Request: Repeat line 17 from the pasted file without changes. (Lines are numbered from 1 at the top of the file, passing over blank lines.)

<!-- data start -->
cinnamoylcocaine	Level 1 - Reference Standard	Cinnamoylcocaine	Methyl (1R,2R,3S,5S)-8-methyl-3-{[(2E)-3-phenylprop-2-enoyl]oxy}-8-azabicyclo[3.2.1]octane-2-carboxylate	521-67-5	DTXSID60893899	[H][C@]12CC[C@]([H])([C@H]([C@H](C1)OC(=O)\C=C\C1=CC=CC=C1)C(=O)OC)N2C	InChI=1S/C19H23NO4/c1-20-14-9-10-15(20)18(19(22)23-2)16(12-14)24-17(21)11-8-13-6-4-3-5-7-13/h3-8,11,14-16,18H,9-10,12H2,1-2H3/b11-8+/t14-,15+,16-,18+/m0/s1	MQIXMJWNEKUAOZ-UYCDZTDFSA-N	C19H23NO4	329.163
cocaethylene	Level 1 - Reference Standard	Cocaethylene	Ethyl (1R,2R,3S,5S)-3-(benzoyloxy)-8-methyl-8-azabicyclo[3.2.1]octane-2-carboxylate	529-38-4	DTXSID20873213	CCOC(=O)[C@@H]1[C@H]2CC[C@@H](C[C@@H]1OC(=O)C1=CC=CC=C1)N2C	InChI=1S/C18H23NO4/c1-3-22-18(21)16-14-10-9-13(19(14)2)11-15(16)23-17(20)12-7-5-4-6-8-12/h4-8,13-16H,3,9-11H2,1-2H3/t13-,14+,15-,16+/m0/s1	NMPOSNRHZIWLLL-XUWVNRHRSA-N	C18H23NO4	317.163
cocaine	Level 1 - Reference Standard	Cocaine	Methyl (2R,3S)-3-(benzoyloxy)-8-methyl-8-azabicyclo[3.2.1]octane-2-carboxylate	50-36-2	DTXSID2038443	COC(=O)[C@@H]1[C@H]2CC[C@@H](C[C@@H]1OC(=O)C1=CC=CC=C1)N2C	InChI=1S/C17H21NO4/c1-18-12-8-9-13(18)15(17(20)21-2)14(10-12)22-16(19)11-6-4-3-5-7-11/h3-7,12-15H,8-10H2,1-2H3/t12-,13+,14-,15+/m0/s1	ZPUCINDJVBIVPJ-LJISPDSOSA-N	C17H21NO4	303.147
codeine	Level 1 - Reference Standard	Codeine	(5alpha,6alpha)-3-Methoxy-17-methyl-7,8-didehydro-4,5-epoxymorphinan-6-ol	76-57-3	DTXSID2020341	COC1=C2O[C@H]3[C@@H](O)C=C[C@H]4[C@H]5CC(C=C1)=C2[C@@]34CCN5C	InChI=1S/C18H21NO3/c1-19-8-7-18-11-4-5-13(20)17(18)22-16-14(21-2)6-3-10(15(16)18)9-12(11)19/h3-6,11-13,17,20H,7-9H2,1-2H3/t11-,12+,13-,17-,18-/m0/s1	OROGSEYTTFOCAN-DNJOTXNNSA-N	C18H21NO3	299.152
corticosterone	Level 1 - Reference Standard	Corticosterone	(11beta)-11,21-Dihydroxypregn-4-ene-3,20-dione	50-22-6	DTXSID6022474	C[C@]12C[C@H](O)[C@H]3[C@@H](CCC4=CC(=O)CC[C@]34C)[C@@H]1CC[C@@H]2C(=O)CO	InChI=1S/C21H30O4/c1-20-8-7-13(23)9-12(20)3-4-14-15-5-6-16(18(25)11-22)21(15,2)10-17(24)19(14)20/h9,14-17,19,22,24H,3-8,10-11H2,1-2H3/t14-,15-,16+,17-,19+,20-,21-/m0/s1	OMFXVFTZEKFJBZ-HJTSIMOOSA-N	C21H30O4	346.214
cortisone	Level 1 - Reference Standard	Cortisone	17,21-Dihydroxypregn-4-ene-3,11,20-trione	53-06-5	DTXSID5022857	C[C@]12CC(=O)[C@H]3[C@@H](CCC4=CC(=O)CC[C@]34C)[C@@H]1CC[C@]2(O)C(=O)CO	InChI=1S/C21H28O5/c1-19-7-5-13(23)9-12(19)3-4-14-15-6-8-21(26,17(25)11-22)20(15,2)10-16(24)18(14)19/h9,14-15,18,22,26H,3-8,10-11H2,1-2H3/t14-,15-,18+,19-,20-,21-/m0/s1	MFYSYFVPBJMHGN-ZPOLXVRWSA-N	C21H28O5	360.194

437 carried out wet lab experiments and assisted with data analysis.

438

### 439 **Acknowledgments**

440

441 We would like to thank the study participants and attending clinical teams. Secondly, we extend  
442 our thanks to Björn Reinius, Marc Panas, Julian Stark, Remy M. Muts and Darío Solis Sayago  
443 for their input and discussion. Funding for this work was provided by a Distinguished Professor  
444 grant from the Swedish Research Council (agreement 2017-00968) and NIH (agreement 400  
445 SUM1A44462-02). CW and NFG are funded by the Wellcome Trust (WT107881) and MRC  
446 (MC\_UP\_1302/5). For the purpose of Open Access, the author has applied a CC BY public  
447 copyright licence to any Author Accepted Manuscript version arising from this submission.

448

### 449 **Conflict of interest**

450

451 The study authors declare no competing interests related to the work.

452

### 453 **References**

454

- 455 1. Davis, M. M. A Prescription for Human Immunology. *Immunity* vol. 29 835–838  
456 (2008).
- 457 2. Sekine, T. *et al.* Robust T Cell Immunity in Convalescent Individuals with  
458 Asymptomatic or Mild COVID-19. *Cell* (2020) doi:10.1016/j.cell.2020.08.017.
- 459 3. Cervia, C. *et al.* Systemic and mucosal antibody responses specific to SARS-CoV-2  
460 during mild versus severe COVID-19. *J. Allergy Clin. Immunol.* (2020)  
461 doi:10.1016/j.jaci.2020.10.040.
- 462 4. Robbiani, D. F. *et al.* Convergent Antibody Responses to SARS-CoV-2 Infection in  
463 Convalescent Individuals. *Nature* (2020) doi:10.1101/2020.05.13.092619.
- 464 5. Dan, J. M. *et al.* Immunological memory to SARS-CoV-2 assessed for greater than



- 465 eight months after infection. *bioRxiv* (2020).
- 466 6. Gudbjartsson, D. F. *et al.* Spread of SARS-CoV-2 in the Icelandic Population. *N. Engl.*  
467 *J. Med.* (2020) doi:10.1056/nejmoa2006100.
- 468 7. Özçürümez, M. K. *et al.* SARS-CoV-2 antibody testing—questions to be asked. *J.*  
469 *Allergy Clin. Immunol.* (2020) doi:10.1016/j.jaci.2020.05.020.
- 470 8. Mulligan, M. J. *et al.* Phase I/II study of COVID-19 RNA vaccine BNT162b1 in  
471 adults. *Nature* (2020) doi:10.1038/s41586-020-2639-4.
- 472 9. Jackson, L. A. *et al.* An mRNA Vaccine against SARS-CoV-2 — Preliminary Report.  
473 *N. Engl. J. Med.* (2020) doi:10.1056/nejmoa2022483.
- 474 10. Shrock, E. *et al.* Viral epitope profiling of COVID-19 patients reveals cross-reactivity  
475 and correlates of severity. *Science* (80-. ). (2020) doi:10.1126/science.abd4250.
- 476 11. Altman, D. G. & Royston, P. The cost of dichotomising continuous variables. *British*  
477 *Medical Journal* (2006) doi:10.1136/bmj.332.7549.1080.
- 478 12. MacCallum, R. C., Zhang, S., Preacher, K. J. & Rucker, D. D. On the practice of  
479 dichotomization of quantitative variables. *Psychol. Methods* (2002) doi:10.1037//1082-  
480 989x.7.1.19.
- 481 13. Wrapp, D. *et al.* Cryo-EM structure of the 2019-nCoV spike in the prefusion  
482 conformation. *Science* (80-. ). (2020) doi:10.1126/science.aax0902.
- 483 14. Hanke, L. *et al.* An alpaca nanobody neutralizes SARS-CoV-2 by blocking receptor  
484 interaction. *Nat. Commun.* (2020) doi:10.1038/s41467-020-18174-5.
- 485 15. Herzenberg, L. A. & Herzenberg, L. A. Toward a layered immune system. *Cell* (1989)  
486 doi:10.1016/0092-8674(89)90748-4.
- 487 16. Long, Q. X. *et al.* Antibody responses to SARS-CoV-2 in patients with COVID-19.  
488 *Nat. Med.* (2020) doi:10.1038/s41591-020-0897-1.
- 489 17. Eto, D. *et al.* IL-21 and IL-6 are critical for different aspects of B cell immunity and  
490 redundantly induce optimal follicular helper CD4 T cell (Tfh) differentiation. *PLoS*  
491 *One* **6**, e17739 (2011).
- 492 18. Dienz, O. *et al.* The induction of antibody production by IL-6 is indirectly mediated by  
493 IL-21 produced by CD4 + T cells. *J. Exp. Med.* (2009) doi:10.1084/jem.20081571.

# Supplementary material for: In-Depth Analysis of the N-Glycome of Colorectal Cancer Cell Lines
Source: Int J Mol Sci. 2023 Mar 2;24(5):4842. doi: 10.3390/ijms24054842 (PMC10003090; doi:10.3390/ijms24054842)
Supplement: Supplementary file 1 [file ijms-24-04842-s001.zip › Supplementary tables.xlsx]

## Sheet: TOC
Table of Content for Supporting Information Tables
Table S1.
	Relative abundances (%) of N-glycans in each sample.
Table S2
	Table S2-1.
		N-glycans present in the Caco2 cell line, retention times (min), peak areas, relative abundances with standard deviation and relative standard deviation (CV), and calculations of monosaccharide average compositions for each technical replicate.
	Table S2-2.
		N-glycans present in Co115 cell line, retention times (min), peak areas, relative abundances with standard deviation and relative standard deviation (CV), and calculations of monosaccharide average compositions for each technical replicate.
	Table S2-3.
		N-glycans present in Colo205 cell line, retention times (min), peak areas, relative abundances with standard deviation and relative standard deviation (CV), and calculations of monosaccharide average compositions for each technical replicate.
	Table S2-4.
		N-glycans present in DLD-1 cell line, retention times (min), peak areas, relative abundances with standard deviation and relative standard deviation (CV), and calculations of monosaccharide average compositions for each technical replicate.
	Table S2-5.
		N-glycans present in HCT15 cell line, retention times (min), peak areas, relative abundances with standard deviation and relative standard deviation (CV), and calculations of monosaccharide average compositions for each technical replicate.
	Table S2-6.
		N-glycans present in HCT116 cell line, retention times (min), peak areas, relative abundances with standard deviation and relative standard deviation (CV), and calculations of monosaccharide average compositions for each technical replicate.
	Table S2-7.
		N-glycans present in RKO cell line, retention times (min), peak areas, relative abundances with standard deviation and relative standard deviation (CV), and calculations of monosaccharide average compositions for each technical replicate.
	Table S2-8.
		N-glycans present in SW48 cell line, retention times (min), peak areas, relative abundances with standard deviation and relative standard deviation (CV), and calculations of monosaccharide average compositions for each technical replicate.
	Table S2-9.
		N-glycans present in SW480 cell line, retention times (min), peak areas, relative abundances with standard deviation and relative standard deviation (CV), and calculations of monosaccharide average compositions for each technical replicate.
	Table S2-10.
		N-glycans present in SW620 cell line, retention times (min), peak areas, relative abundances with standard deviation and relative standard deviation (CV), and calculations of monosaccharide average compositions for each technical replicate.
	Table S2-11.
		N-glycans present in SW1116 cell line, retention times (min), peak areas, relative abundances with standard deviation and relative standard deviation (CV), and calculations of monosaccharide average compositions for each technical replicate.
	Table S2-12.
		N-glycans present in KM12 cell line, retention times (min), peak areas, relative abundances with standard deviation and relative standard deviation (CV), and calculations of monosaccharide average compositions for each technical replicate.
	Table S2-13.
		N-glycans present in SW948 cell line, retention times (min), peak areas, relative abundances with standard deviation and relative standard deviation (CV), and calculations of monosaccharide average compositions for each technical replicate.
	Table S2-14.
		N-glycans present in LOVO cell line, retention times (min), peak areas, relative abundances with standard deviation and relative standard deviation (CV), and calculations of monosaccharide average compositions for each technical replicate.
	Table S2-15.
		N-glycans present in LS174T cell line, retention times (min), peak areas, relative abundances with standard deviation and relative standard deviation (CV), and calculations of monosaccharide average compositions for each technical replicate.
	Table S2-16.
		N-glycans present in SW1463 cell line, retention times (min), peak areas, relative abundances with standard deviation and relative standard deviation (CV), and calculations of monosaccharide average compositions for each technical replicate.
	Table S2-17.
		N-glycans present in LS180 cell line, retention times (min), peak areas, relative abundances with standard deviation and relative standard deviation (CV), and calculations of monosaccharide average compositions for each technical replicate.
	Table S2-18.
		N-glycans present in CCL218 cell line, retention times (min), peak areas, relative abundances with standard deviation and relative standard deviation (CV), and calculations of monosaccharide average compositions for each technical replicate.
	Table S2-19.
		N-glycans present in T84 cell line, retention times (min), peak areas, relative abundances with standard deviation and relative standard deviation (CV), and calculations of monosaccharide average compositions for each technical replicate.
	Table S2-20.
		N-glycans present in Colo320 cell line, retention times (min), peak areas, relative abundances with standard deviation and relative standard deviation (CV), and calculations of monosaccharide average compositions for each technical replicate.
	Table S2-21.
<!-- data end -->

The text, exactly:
447 copyright licence to any Author Accepted Manuscript version arising from this submission.